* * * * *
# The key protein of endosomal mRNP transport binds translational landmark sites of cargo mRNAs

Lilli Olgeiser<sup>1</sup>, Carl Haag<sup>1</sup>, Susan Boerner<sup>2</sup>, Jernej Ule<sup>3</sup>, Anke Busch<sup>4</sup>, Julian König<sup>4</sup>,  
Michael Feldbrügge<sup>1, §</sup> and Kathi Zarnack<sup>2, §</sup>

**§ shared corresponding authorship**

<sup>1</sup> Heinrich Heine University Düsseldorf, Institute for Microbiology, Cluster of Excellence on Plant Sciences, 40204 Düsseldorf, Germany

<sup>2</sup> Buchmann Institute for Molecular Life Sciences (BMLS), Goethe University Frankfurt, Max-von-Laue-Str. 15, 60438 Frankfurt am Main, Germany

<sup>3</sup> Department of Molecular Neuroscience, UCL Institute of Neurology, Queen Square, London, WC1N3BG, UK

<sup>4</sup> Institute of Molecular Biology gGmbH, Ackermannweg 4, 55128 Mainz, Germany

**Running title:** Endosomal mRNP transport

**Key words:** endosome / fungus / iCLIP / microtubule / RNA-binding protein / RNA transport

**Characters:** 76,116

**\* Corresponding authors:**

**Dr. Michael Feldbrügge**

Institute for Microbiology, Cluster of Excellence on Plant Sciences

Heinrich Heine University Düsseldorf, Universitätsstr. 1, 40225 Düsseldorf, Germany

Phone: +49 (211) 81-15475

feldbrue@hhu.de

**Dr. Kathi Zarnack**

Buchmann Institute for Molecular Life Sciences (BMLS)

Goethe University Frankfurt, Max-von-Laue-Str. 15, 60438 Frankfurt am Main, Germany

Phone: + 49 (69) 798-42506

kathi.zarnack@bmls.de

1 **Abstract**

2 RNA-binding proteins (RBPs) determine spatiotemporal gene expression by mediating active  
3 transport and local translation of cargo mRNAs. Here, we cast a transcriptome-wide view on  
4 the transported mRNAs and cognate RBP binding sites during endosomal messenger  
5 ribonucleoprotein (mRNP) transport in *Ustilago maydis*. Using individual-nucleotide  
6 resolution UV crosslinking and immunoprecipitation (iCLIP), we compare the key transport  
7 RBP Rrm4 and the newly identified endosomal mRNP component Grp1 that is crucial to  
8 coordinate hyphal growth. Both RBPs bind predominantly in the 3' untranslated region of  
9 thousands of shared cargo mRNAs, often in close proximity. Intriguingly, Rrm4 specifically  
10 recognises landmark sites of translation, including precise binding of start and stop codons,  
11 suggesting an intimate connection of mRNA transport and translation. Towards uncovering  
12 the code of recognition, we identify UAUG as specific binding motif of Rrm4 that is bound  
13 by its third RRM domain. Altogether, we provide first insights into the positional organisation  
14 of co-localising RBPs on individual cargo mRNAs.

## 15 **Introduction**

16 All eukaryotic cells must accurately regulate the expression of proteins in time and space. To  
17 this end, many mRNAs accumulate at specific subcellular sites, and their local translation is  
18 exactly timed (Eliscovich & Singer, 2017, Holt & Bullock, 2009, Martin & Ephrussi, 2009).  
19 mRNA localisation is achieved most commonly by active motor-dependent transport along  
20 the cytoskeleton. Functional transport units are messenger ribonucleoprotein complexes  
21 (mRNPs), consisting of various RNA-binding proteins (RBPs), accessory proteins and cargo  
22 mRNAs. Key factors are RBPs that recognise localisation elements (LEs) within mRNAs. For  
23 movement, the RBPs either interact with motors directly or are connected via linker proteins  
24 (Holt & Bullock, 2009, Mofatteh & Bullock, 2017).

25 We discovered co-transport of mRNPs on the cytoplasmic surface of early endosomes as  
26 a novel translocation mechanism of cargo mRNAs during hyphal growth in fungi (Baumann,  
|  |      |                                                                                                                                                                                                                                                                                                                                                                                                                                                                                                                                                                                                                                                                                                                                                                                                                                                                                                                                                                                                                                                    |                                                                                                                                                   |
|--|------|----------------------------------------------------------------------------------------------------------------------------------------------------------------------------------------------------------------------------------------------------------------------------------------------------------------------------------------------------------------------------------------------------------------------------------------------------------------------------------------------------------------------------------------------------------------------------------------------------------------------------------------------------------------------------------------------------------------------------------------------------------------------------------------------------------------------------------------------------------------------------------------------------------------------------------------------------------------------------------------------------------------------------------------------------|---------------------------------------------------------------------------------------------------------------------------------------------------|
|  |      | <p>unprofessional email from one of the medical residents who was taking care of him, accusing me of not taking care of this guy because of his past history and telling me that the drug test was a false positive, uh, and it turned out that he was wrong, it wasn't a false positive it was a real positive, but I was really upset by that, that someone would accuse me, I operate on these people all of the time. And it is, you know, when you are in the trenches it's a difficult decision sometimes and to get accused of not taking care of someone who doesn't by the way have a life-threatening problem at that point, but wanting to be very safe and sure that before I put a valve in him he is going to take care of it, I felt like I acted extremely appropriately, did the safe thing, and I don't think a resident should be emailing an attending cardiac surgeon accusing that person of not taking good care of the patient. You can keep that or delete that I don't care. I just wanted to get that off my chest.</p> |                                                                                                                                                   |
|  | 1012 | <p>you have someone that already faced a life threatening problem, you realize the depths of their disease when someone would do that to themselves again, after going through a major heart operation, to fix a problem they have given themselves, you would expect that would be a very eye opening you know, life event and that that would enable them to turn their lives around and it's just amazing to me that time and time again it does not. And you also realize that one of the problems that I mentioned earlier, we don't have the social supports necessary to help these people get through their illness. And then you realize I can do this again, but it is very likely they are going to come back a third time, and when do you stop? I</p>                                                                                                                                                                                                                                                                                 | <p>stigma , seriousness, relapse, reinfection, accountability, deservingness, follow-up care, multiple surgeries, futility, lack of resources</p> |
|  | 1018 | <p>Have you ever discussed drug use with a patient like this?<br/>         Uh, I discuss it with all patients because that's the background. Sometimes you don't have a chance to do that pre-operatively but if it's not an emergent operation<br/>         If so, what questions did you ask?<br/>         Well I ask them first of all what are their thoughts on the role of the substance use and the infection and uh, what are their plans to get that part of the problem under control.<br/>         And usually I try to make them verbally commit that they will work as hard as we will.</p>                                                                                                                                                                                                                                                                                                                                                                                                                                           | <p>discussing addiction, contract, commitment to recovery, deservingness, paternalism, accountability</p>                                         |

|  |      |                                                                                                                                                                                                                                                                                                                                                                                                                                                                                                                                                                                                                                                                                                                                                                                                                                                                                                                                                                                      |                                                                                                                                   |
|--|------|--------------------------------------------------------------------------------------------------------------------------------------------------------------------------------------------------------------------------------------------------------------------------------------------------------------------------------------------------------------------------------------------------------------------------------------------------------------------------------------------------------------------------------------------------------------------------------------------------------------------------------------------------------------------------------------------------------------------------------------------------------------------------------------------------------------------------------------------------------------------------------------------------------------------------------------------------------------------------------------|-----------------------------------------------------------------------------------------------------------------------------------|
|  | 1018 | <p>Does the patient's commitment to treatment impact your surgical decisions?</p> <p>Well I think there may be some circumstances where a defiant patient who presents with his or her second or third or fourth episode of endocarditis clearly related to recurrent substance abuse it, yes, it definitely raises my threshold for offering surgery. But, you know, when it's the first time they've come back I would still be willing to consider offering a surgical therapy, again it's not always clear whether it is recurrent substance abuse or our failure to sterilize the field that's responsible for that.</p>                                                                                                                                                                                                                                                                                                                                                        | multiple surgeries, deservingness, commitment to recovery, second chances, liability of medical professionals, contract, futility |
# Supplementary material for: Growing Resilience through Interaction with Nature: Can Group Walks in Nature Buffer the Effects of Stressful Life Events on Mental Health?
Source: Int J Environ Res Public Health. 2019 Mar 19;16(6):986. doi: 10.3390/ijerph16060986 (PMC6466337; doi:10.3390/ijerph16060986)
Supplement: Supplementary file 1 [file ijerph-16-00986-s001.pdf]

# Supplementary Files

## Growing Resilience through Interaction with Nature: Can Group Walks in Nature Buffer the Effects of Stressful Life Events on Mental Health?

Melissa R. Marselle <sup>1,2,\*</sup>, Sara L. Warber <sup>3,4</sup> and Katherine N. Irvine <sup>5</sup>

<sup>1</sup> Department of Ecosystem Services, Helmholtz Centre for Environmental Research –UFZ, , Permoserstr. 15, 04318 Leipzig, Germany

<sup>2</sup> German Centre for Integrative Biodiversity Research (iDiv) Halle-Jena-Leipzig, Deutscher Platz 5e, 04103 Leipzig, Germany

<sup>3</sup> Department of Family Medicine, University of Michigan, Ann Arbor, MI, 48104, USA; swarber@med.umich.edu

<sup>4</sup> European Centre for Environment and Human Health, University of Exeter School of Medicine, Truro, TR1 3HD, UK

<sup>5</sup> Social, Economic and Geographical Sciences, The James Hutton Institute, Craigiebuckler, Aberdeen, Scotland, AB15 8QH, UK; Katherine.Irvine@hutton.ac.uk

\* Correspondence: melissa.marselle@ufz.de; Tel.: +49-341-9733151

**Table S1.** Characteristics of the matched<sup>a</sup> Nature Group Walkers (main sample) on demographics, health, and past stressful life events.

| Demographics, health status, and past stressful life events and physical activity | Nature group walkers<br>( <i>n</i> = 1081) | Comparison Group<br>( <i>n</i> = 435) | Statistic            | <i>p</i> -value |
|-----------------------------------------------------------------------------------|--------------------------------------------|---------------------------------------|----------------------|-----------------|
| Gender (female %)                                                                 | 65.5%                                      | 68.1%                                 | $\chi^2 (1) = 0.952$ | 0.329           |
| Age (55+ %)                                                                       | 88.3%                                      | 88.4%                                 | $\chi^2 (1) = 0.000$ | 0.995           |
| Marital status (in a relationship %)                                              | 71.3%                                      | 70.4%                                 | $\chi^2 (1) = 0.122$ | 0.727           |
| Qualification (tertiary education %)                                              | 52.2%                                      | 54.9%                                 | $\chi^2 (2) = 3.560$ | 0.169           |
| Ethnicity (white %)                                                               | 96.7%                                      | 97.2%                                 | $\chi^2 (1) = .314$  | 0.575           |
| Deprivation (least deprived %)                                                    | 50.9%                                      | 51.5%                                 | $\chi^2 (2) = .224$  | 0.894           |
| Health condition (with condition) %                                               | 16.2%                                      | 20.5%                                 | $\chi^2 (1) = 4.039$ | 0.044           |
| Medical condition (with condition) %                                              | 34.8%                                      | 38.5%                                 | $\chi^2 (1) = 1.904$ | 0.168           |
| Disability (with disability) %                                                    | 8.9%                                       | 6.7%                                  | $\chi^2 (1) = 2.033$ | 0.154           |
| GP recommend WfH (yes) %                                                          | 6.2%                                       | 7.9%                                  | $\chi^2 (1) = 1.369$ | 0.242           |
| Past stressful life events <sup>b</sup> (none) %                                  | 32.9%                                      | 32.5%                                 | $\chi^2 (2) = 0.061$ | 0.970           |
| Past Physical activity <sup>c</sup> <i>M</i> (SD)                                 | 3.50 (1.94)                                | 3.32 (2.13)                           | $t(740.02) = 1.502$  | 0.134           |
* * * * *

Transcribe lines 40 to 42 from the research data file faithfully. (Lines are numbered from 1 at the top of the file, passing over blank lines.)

18 exactly timed (Eliscovich & Singer, 2017, Holt & Bullock, 2009, Martin & Ephrussi, 2009).  
19 mRNA localisation is achieved most commonly by active motor-dependent transport along  
20 the cytoskeleton. Functional transport units are messenger ribonucleoprotein complexes  